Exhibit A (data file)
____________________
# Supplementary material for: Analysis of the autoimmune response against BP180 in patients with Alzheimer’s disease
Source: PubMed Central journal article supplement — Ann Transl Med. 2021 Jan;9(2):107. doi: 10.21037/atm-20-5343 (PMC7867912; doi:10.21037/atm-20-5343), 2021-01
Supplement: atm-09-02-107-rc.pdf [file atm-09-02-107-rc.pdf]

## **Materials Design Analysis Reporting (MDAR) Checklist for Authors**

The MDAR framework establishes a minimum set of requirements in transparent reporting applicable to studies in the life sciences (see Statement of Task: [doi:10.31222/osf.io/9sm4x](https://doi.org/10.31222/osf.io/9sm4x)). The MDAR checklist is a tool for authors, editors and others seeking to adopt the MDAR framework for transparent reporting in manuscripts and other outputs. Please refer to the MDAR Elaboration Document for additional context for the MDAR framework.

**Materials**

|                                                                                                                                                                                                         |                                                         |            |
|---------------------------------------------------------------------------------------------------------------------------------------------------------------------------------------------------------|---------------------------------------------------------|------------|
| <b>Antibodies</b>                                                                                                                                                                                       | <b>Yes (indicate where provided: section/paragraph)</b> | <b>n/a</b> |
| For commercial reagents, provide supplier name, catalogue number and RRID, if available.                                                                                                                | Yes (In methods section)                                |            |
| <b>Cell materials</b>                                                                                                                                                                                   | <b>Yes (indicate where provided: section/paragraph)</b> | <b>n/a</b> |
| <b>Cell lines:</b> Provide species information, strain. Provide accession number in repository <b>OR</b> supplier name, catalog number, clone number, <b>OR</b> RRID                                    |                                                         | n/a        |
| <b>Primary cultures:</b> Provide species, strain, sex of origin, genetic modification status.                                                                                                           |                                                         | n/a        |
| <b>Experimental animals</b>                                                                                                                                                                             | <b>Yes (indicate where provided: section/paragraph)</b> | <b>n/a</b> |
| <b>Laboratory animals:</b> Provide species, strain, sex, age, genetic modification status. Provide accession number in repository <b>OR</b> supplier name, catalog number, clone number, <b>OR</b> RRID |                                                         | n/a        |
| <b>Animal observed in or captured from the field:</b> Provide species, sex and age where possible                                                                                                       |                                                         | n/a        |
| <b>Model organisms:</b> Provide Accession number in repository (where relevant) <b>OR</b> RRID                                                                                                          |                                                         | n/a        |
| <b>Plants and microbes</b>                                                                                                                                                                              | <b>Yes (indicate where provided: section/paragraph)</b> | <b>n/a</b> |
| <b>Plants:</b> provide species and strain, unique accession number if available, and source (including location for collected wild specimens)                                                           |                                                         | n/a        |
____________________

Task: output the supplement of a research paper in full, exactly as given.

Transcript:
# Supplementary material for: Analysis of the autoimmune response against BP180 in patients with Alzheimer’s disease
Source: PubMed Central journal article supplement — Ann Transl Med. 2021 Jan;9(2):107. doi: 10.21037/atm-20-5343 (PMC7867912; doi:10.21037/atm-20-5343), 2021-01
Supplement: atm-09-02-107-rc.pdf [file atm-09-02-107-rc.pdf]

## **Materials Design Analysis Reporting (MDAR) Checklist for Authors**

The MDAR framework establishes a minimum set of requirements in transparent reporting applicable to studies in the life sciences (see Statement of Task: [doi:10.31222/osf.io/9sm4x](https://doi.org/10.31222/osf.io/9sm4x)). The MDAR checklist is a tool for authors, editors and others seeking to adopt the MDAR framework for transparent reporting in manuscripts and other outputs. Please refer to the MDAR Elaboration Document for additional context for the MDAR framework.

**Materials**

|                                                                                                                                                                                                         |                                                         |            |
|---------------------------------------------------------------------------------------------------------------------------------------------------------------------------------------------------------|---------------------------------------------------------|------------|
| <b>Antibodies</b>                                                                                                                                                                                       | <b>Yes (indicate where provided: section/paragraph)</b> | <b>n/a</b> |
| For commercial reagents, provide supplier name, catalogue number and RRID, if available.                                                                                                                | Yes (In methods section)                                |            |
| <b>Cell materials</b>                                                                                                                                                                                   | <b>Yes (indicate where provided: section/paragraph)</b> | <b>n/a</b> |
| <b>Cell lines:</b> Provide species information, strain. Provide accession number in repository <b>OR</b> supplier name, catalog number, clone number, <b>OR</b> RRID                                    |                                                         | n/a        |
| <b>Primary cultures:</b> Provide species, strain, sex of origin, genetic modification status.                                                                                                           |                                                         | n/a        |
| <b>Experimental animals</b>                                                                                                                                                                             | <b>Yes (indicate where provided: section/paragraph)</b> | <b>n/a</b> |
| <b>Laboratory animals:</b> Provide species, strain, sex, age, genetic modification status. Provide accession number in repository <b>OR</b> supplier name, catalog number, clone number, <b>OR</b> RRID |                                                         | n/a        |
| <b>Animal observed in or captured from the field:</b> Provide species, sex and age where possible                                                                                                       |                                                         | n/a        |
| <b>Model organisms:</b> Provide Accession number in repository (where relevant) <b>OR</b> RRID                                                                                                          |                                                         | n/a        |
| <b>Plants and microbes</b>                                                                                                                                                                              | <b>Yes (indicate where provided: section/paragraph)</b> | <b>n/a</b> |
| <b>Plants:</b> provide species and strain, unique accession number if available, and source (including location for collected wild specimens)                                                           |                                                         | n/a        |